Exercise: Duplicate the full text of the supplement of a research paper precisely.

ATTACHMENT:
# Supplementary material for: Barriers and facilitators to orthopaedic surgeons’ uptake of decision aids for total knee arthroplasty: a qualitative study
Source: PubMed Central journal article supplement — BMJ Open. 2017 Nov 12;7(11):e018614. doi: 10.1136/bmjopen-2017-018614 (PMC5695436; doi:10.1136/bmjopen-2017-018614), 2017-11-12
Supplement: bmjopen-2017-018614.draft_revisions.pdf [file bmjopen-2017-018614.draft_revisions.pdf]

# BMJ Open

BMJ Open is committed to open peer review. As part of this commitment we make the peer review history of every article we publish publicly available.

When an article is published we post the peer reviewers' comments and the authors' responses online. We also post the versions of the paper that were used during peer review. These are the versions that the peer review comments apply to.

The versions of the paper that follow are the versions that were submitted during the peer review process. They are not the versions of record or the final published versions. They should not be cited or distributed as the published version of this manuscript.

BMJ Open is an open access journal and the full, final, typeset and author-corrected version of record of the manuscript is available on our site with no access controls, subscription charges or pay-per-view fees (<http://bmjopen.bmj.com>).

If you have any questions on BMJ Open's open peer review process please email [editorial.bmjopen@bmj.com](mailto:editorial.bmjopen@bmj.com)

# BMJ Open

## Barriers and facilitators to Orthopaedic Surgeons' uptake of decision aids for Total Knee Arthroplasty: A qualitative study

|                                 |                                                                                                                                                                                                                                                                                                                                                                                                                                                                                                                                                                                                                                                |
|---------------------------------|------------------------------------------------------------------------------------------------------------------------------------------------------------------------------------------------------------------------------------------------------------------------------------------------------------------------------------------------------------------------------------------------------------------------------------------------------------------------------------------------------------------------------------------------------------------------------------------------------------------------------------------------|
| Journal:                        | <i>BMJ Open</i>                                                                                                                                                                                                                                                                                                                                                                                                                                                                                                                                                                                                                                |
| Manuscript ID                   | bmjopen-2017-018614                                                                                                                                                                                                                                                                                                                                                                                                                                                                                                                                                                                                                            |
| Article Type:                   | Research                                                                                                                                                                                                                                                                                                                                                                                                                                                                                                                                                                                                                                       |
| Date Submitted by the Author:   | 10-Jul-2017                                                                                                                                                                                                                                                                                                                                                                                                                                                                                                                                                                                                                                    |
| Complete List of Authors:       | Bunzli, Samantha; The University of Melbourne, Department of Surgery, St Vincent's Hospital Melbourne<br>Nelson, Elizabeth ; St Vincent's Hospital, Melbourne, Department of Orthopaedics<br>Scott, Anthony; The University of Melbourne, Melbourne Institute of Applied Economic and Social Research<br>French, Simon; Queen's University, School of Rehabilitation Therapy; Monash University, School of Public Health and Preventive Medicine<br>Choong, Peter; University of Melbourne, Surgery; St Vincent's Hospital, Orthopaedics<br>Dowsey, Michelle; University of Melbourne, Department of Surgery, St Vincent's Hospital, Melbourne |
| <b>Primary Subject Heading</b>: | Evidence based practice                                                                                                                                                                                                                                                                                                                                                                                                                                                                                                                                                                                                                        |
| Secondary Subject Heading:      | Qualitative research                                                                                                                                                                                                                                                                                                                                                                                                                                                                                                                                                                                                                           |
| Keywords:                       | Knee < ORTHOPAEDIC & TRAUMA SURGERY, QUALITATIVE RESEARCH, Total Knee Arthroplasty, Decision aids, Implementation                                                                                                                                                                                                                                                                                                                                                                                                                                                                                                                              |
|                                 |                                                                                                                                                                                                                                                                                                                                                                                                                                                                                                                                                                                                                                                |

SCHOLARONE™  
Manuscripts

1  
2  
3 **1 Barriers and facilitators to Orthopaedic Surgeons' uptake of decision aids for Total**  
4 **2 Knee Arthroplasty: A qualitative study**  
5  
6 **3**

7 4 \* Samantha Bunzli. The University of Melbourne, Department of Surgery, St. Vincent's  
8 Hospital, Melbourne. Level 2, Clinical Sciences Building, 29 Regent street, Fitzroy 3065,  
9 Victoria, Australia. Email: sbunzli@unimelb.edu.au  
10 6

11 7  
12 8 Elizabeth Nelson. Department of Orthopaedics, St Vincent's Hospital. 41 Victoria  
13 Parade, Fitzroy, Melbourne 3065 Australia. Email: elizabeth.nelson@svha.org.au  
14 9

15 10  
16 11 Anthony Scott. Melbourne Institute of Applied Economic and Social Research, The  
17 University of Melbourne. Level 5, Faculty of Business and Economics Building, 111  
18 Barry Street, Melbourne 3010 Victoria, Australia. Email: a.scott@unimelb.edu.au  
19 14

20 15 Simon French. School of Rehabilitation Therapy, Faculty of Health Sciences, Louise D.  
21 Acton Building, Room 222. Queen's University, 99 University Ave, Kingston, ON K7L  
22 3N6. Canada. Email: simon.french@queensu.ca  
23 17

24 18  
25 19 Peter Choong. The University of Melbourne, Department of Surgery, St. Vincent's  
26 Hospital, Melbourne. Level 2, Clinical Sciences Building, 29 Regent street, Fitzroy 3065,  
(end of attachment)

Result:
# Supplementary material for: Barriers and facilitators to orthopaedic surgeons’ uptake of decision aids for total knee arthroplasty: a qualitative study
Source: PubMed Central journal article supplement — BMJ Open. 2017 Nov 12;7(11):e018614. doi: 10.1136/bmjopen-2017-018614 (PMC5695436; doi:10.1136/bmjopen-2017-018614), 2017-11-12
Supplement: bmjopen-2017-018614.draft_revisions.pdf [file bmjopen-2017-018614.draft_revisions.pdf]

# BMJ Open

BMJ Open is committed to open peer review. As part of this commitment we make the peer review history of every article we publish publicly available.

When an article is published we post the peer reviewers' comments and the authors' responses online. We also post the versions of the paper that were used during peer review. These are the versions that the peer review comments apply to.

The versions of the paper that follow are the versions that were submitted during the peer review process. They are not the versions of record or the final published versions. They should not be cited or distributed as the published version of this manuscript.

BMJ Open is an open access journal and the full, final, typeset and author-corrected version of record of the manuscript is available on our site with no access controls, subscription charges or pay-per-view fees (<http://bmjopen.bmj.com>).

If you have any questions on BMJ Open's open peer review process please email [editorial.bmjopen@bmj.com](mailto:editorial.bmjopen@bmj.com)

# BMJ Open

## Barriers and facilitators to Orthopaedic Surgeons' uptake of decision aids for Total Knee Arthroplasty: A qualitative study

|                                 |                                                                                                                                                                                                                                                                                                                                                                                                                                                                                                                                                                                                                                                |
|---------------------------------|------------------------------------------------------------------------------------------------------------------------------------------------------------------------------------------------------------------------------------------------------------------------------------------------------------------------------------------------------------------------------------------------------------------------------------------------------------------------------------------------------------------------------------------------------------------------------------------------------------------------------------------------|
| Journal:                        | <i>BMJ Open</i>                                                                                                                                                                                                                                                                                                                                                                                                                                                                                                                                                                                                                                |
| Manuscript ID                   | bmjopen-2017-018614                                                                                                                                                                                                                                                                                                                                                                                                                                                                                                                                                                                                                            |
| Article Type:                   | Research                                                                                                                                                                                                                                                                                                                                                                                                                                                                                                                                                                                                                                       |
| Date Submitted by the Author:   | 10-Jul-2017                                                                                                                                                                                                                                                                                                                                                                                                                                                                                                                                                                                                                                    |
| Complete List of Authors:       | Bunzli, Samantha; The University of Melbourne, Department of Surgery, St Vincent's Hospital Melbourne<br>Nelson, Elizabeth ; St Vincent's Hospital, Melbourne, Department of Orthopaedics<br>Scott, Anthony; The University of Melbourne, Melbourne Institute of Applied Economic and Social Research<br>French, Simon; Queen's University, School of Rehabilitation Therapy; Monash University, School of Public Health and Preventive Medicine<br>Choong, Peter; University of Melbourne, Surgery; St Vincent's Hospital, Orthopaedics<br>Dowsey, Michelle; University of Melbourne, Department of Surgery, St Vincent's Hospital, Melbourne |
| <b>Primary Subject Heading</b>: | Evidence based practice                                                                                                                                                                                                                                                                                                                                                                                                                                                                                                                                                                                                                        |
| Secondary Subject Heading:      | Qualitative research                                                                                                                                                                                                                                                                                                                                                                                                                                                                                                                                                                                                                           |
| Keywords:                       | Knee < ORTHOPAEDIC & TRAUMA SURGERY, QUALITATIVE RESEARCH, Total Knee Arthroplasty, Decision aids, Implementation                                                                                                                                                                                                                                                                                                                                                                                                                                                                                                                              |
|                                 |                                                                                                                                                                                                                                                                                                                                                                                                                                                                                                                                                                                                                                                |

SCHOLARONE™  
Manuscripts

1  
2  
3 **1 Barriers and facilitators to Orthopaedic Surgeons' uptake of decision aids for Total**  
4 **2 Knee Arthroplasty: A qualitative study**  
5  
6 **3**

7 4 \* Samantha Bunzli. The University of Melbourne, Department of Surgery, St. Vincent's  
8 Hospital, Melbourne. Level 2, Clinical Sciences Building, 29 Regent street, Fitzroy 3065,  
9 Victoria, Australia. Email: sbunzli@unimelb.edu.au  
10 6

11 7  
12 8 Elizabeth Nelson. Department of Orthopaedics, St Vincent's Hospital. 41 Victoria  
13 Parade, Fitzroy, Melbourne 3065 Australia. Email: elizabeth.nelson@svha.org.au  
14 9

15 10  
16 11 Anthony Scott. Melbourne Institute of Applied Economic and Social Research, The  
17 University of Melbourne. Level 5, Faculty of Business and Economics Building, 111  
18 Barry Street, Melbourne 3010 Victoria, Australia. Email: a.scott@unimelb.edu.au  
19 14

20 15 Simon French. School of Rehabilitation Therapy, Faculty of Health Sciences, Louise D.  
21 Acton Building, Room 222. Queen's University, 99 University Ave, Kingston, ON K7L  
22 3N6. Canada. Email: simon.french@queensu.ca  
23 17

24 18  
25 19 Peter Choong. The University of Melbourne, Department of Surgery, St. Vincent's  
26 Hospital, Melbourne. Level 2, Clinical Sciences Building, 29 Regent street, Fitzroy 3065,  